chef brian
post #9 of 113

Gino's Pizza Crust

This is great! I've been wondering for a while how to make their crust. Gino's is expanding in the Chicago area and they added one to my home town about a year ago.Going to try this recipe, order one from Gino's and then report back to the group.

We have a lot of great pizza spots in Chicago and Gino's is one of my favorites.
post #10 of 113

Ginos east recipe

Turmeric is way off. Never tasted it though, so dont disgard the idea if you like it. But, it is off concerning Ginos recipe.

they flavor it in the following:
1. the oil (mix of two different oils)
2. the special flavor enhancer
3. and the fact that the dough used to make a pizza has been made 2 days prior to being used----thus it gets fermented in the frig while sitting stretched in a pizza pan for 2 days. Or, if you want the same effect, let it sit out one day out of the frig. The consistency of the crust will be different if it was in the frig or out of the frig. Put it in the frig to be more consistent with Ginos.

Also, their pan is made out of a certain type of steel. It is seasoned black.

so, make some guesses about which oil you think they use. and percentages of the two.
also, there are three ingredients to the flavor enhancer. One of them is yellow dye # 5. One is sugar. What is the other one?

Last, Gino's East does not use corn meal. There is one Ginos east franchise that does. And, Ginos on Rush does. However, corn meal is very bitter and ALL of the recipes given that tell you to use corn meal all result in a bad taste that is WAY off. Only use 1 tablespoon of corn meal to 1 pound of Bread flour (yes bread flour because of the gluten content)

I prefer NO corn meal.
post #11 of 113

Gino"s East Pizza Recipe

So here's what I tried last night and it was excelllent. A combo from spinnybobo and foodblogger:

Gino's East Pizza Crust Recipe
tweaked from foodblogger's and spinnybobo's directions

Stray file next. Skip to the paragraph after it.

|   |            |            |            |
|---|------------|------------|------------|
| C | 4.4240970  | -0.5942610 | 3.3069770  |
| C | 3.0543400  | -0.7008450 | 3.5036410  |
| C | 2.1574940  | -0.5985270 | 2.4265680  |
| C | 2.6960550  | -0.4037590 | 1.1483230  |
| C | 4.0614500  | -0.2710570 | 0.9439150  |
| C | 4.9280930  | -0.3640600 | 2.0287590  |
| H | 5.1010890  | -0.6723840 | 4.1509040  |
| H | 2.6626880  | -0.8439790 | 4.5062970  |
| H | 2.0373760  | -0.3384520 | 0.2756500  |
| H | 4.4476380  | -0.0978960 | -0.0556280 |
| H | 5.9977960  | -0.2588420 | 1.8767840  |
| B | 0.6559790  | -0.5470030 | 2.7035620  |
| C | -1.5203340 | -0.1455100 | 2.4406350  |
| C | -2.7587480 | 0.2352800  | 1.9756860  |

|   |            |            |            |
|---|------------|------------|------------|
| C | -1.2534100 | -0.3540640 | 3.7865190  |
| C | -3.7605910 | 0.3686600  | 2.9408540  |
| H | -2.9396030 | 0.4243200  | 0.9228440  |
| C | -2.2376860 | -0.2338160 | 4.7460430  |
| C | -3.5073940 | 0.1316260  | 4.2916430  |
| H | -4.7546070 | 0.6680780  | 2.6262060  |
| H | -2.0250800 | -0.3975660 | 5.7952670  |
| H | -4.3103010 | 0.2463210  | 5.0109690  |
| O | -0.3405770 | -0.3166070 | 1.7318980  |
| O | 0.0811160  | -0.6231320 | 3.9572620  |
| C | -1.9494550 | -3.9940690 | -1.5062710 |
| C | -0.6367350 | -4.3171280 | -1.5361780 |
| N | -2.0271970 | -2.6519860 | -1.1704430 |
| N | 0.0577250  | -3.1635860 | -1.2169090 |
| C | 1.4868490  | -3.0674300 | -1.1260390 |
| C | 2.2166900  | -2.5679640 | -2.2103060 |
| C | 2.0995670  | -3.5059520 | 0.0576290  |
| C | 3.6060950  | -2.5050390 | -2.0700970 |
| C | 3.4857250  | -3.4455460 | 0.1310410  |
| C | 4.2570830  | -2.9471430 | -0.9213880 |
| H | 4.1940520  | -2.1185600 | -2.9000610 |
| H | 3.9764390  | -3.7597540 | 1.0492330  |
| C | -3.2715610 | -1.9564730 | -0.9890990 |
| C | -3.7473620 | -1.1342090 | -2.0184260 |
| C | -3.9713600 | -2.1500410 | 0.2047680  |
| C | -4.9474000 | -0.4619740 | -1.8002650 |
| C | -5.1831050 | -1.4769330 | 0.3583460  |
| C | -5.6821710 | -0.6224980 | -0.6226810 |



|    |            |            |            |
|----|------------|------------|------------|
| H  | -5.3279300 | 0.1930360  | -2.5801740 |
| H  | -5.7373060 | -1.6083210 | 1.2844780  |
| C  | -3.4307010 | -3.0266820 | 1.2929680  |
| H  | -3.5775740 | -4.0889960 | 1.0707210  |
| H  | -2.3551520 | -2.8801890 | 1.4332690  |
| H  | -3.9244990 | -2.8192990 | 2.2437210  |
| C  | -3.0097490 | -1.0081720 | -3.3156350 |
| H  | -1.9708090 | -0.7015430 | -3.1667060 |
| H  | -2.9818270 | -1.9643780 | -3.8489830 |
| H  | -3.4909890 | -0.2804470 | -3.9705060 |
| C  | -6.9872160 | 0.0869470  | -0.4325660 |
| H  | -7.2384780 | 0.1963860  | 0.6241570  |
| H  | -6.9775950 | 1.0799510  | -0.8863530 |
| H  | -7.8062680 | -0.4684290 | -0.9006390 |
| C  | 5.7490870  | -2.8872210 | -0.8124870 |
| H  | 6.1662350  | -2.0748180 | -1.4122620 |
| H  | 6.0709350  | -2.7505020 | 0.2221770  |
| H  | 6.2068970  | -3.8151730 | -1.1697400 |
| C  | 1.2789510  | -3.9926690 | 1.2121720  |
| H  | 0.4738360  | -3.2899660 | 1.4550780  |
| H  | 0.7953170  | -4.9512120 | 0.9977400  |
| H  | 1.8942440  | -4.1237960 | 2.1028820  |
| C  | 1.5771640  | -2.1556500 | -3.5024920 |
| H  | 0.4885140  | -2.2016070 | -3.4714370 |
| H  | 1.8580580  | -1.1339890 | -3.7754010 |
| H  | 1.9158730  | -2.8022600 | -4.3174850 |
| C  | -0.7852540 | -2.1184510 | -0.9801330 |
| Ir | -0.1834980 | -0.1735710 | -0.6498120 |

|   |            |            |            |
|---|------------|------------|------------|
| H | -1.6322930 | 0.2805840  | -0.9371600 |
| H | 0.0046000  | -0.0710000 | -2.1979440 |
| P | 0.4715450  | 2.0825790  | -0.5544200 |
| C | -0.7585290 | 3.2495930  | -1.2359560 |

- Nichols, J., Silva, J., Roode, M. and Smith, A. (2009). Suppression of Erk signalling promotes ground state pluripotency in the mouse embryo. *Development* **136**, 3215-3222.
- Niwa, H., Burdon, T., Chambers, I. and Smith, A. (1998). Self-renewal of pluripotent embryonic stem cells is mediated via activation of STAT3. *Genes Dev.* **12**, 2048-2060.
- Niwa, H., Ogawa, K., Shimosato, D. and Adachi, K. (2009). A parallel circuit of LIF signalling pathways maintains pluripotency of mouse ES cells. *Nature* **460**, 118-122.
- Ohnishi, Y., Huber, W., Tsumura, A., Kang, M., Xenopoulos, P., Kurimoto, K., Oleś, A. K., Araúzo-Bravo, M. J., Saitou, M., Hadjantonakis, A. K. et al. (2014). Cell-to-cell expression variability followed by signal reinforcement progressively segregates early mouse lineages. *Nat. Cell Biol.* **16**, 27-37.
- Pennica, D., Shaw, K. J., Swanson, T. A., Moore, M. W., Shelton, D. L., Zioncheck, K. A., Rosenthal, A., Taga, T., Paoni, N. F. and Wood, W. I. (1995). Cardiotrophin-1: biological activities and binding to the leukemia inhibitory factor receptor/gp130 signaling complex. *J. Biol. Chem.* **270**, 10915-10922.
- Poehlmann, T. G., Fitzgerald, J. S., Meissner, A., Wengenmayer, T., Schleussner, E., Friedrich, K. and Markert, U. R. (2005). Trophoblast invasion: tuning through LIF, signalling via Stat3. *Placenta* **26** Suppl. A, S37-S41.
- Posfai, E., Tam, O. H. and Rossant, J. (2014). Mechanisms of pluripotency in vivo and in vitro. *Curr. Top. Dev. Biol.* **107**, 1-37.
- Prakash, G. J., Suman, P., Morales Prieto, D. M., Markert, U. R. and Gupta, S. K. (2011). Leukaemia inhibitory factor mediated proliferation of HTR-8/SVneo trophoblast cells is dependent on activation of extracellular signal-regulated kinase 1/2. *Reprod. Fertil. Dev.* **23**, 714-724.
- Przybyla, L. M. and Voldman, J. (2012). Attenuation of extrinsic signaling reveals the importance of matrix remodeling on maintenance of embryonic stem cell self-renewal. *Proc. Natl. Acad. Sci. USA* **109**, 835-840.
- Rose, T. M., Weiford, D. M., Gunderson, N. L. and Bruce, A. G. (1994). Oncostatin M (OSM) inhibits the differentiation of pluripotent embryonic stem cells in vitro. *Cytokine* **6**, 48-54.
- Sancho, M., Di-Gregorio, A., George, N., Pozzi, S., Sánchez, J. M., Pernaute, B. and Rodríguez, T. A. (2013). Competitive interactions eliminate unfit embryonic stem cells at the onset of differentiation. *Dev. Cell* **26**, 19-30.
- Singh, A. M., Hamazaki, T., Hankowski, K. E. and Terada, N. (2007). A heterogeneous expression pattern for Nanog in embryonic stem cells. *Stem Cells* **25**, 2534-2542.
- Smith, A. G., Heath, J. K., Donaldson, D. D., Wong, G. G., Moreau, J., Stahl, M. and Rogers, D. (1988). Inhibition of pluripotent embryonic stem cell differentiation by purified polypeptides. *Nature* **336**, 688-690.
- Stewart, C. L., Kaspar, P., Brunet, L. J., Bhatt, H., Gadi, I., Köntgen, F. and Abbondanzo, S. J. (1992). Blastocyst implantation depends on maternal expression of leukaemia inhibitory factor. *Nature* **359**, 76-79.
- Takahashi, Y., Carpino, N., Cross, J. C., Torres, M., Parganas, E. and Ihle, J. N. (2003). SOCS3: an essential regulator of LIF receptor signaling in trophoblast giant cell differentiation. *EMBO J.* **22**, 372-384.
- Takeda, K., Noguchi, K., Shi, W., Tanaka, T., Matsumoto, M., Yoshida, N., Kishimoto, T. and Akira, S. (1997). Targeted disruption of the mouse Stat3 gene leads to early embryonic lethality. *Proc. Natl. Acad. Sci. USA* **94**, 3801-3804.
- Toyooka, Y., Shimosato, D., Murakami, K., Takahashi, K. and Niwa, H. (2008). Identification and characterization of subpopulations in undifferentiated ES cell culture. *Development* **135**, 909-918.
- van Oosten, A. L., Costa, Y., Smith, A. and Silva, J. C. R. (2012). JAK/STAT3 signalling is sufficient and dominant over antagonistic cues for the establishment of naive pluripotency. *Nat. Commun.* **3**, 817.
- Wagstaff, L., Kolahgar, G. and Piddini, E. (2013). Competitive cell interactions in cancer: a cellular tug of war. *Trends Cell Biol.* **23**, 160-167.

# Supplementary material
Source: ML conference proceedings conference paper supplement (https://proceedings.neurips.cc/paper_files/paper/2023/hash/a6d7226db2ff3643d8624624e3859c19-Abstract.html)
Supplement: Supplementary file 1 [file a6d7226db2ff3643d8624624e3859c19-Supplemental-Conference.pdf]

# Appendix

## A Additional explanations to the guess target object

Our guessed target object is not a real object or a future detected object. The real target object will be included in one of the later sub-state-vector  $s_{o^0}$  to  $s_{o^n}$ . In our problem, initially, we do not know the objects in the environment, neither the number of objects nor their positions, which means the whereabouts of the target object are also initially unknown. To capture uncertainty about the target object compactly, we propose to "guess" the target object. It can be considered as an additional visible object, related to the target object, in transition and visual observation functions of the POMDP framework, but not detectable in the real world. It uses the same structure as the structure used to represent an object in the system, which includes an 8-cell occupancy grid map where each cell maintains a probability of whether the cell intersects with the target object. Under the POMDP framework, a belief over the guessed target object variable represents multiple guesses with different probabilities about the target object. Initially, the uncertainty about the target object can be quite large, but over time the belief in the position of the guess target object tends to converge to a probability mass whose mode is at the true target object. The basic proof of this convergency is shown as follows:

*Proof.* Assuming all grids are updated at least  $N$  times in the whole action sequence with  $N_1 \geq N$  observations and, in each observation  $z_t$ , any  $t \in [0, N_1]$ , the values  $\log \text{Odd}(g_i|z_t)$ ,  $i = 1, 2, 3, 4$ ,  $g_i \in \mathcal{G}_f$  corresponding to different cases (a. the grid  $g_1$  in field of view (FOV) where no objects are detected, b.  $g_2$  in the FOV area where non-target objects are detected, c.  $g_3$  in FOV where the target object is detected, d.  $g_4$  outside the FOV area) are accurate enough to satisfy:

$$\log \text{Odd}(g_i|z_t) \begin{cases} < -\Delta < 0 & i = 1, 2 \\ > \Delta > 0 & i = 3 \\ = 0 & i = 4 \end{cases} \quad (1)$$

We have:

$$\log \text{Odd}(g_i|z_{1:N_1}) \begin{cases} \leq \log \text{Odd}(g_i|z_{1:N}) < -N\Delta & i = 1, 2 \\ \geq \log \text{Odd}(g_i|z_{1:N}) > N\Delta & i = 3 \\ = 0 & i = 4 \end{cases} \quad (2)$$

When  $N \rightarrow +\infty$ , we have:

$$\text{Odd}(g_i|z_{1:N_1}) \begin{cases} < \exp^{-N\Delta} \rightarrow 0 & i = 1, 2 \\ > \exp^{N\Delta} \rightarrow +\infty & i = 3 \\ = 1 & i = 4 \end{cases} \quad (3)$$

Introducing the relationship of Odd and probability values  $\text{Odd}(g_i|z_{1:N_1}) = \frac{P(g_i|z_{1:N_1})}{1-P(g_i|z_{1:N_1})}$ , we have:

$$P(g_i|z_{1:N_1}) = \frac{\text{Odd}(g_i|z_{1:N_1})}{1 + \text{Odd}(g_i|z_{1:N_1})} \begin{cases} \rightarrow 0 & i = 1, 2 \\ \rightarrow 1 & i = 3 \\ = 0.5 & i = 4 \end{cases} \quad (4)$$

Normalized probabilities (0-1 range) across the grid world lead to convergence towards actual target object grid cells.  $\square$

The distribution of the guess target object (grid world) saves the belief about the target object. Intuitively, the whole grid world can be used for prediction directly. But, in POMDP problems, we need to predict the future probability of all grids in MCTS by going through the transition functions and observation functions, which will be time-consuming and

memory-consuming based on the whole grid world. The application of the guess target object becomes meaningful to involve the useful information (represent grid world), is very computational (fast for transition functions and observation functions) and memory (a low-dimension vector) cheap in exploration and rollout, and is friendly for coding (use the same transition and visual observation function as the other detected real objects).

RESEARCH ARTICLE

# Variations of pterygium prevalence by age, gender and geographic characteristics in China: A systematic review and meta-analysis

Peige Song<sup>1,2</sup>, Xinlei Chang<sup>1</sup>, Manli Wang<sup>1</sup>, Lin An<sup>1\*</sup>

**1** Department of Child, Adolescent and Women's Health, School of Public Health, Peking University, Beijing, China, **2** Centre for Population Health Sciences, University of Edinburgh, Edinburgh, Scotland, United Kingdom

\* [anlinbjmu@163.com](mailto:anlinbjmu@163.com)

1 cup of warm water w/touch of sugar
1 package yeast
1T cornmeal (I know it's not really in there)
1 teaspoon salt
1T corn oil
1T olive oil
2 ½ to 3 cups bread flour
¼ tsp yellow food coloring

Take the water and put it in your mixer. add yeast and a touch of sugar. Let the yeast foam up to be sure that it is active. Then add the rest of the ingredients including 2 1/2 cups flour. Knead the dough until it is well combined. If the dough is sticky add a little more flour. The dough should be moist but not sticky. Knead the dough for 10 minutes. Put it in the oven to rise. If you desire a late in the day pizza taste (beer like), then let it rise all day.


Gino's East Pizza sauce from canned plum tomatos:

one 28 ounce can of plum or roma tomatos – less ¼ c of the sauce before you mush it
1 tsp salt
a pinch of basil
a pinch of oregano
fresh ground black pepper

Take the tomatos and sauce and place into a bowl. Using a potato masher or just your hands, mash the tomatos up so that there are no chunks bigger around than a quarter. Once this is done, add the rest of the ingredients and stir. Adjust the salt and pepper to taste. Do not use too much basil or oregano.


The Cheese

16 oz low-moisture part skim mozzarella

Be absolutely sure that you don't buy the low fat version of any mozzarella. It will not melt right and you will hate it.

Assembling the pizza – cook for about 45 minutes

Preheat oven to 350. After the dough has risen take your deep dish pizza pan (or a round cake pan with straight sides) and coat the inside of it with a very healthy coating of melted butter. Roll the dough out to about 3 inches larger than the bottom of the pan and pinch the dough up along the sides of the pan. Now put your cheese in (right on the crust). Then add your pepperoni, and finally your sauce. Bake in the oven until the crust is starting to brown and cheese is starting to bubble up through the sauce. The little edges of the pepperoni should also be starting to crisp. It took me about 45 minutes.

Shopping list:

12” deep dish pizza pan (I prefer black)
16 oz low-moisture part skim mozzarella
1 28 ounce can of plum or roma tomatos
Basil
Oregano
Salt
Pepper
Pepperoni (or other fillings)
Yeast
Corn oil
Olive oil
Corn meal
Bread flour
Yellow food coloring
sugar
butter
post #12 of 113
Great Job Dancer!!